Dr. Jackie: Inspired by Reunity’s ingenious blending of traditional African financing mechanisms with American funding structures, I founded Black Philanthropy Month in 2011 to celebrate the UN’s International Year and then Decade for People of African Descent by highlight Black-led giving as a central part of our global culture and resource for positive, equitable social change and economic justice.
In 2013 and 2014, other key leaders joined us, most notably co-architects, Valaida Fullwood, Creator of The Soul of Philanthropy; Tracey Webb, Founder of Black Benefactors; and Kula Addy, now The WISE Fund’s global programs and operations manager. Although we already had been long-time colleagues supporting each others’ efforts, last year, Thelma Ekiyor, founder of Afrigrants Foundation, officially joined as the BPM Africa Host and Chairperson, solidifying our longstanding African roots. Together, supported by a network of other global chairs, planning and funding equity committees, we have combined networks and talents to build the movement across at least 60 countries, this year highlight Black funding issues and equity in Brazil, the Caribbean, and Canada too (click here for a full list of chairs, partners, sponsors, and co-architects).
Alaba: Kindly share this journey of a decade, challenges and achievements?
Dr. Jackie: Black Philanthropy Month (register at BPM 2021) has continuously expanded the community and is now a global movement celebrating our homegrown giving, while advancing funding equity for Afro-descendant communities across the globe. In large part, it is about reminding ourselves of the power of community giving together as we have done throughout Black history’s funding and leadership of our various liberation movements from abolition to civil rights, independence, anti-apartheid and other movements that have moved us along what Dr. King called the long, universal arc of justice.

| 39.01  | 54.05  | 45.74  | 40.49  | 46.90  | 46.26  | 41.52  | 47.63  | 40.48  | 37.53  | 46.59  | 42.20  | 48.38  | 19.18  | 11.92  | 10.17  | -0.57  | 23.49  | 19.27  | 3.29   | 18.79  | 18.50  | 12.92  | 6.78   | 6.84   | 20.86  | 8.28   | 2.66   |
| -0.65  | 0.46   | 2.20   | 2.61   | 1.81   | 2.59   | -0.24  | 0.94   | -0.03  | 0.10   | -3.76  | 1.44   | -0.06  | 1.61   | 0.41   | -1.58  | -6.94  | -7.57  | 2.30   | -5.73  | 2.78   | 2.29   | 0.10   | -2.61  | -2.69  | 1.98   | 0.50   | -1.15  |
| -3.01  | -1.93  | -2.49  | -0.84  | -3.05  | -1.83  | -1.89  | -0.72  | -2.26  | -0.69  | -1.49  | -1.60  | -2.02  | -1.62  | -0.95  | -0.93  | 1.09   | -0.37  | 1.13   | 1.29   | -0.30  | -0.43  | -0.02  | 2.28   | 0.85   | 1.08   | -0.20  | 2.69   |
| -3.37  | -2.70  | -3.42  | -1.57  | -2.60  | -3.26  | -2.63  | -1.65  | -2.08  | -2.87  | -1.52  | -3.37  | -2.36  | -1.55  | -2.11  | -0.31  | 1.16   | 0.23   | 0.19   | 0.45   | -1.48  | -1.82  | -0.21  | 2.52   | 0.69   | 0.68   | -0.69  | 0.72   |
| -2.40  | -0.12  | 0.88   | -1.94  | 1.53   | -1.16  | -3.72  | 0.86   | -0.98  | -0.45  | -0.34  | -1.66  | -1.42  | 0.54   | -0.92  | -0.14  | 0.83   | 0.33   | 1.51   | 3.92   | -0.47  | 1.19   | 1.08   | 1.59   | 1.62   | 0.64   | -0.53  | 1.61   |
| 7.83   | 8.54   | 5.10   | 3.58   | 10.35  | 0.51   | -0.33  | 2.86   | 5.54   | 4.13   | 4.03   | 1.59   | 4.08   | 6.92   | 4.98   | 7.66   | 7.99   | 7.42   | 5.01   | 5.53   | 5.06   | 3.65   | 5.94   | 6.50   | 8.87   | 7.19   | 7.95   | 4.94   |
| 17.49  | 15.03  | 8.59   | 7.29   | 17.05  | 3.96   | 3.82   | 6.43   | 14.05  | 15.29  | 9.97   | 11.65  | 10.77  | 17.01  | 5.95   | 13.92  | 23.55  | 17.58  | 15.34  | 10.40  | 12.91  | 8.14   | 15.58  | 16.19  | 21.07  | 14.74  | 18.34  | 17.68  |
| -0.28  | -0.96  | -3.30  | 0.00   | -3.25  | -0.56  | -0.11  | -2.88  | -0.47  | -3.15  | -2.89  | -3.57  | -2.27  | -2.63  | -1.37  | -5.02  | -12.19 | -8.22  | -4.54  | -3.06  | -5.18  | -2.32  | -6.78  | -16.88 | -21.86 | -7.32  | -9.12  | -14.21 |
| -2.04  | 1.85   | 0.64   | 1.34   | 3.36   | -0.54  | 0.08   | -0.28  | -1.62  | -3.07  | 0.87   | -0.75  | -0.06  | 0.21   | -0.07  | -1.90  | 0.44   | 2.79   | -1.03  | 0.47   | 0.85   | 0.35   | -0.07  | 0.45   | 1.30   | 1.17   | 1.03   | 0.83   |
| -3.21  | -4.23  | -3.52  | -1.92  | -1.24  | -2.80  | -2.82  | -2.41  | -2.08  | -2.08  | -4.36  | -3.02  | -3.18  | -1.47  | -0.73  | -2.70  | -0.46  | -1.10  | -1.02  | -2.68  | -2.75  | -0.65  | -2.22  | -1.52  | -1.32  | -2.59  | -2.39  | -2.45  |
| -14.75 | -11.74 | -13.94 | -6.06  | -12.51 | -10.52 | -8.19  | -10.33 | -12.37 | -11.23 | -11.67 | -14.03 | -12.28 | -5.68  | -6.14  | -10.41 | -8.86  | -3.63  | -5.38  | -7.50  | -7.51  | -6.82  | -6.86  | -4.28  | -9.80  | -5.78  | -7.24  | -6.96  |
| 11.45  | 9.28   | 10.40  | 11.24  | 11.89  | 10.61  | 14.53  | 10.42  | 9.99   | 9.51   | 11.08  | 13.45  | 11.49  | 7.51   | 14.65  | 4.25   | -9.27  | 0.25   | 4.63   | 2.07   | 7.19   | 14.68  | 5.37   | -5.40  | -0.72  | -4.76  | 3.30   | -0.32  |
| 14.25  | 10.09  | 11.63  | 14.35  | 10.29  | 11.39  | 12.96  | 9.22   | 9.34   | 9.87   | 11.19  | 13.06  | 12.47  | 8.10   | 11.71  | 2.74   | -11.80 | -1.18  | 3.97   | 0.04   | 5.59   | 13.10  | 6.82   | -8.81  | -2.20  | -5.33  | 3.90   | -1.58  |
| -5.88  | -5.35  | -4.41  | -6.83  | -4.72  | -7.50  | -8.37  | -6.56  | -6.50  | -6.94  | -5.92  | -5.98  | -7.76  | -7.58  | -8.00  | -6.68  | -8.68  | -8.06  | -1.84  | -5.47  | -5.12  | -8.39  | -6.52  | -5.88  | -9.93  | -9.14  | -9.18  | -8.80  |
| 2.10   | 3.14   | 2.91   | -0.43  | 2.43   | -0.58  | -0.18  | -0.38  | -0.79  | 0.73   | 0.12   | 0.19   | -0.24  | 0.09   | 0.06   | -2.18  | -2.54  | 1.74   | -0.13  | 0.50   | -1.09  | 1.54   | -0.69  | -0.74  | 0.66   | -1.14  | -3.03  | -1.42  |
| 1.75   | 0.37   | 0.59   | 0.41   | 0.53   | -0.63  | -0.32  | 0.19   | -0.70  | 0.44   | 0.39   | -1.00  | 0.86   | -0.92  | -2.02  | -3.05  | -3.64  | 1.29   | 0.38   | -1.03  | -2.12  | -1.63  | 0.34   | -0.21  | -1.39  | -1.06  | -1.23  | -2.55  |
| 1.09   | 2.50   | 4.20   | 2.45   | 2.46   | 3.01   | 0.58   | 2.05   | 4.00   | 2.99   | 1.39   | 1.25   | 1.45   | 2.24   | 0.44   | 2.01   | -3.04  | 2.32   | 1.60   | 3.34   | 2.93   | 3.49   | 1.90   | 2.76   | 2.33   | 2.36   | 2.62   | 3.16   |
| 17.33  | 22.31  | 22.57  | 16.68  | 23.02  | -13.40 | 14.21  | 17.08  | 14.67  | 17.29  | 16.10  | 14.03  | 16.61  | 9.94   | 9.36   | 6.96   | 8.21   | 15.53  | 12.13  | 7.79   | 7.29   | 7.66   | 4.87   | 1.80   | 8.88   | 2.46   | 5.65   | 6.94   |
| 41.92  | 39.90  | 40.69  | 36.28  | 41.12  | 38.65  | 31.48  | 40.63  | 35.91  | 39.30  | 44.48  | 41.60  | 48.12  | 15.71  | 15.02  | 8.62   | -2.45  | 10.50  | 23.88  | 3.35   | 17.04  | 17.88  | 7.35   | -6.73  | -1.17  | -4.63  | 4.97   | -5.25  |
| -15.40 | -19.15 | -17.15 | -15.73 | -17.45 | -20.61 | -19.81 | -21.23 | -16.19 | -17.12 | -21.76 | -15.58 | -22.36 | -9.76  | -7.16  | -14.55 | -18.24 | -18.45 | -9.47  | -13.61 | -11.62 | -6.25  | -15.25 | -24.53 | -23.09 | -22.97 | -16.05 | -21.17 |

But 2020 has taught us that our and allied philanthropy are not enough. There is a $40 trillion global social finance industry. And it is time for philanthropy, venture, and impact investing to start judging Black communities by the content of our character and capacity, just as it does with other communities. The post-Covid recovery will require a massive investment of capital or funding, or our communities will regress.
Recognizing this need, last year Black Philanthropy Month revived the action summit series I founded in 2011 to create a Global Black Funding Equity Principles and a Pledge.
Among our greatest challenges as still a largely volunteer-driven movement is to:
1) generate the capital needed to sustain and further develop our growing movement;
2) devise tools to measure and track funding equity;
3) develop our movement’s organizational capacity in a fast-changing world where new models and skills are required for long-lasting impact;
4) expand recognition of every August as Black Philanthropy Month by more governments and multilateral organizations throughout the US and world, including the African Union; and
5) strengthen the movement’s leadership capacity, as many Black leaders worldwide are overstretched and overwhelmed, especially during Covid.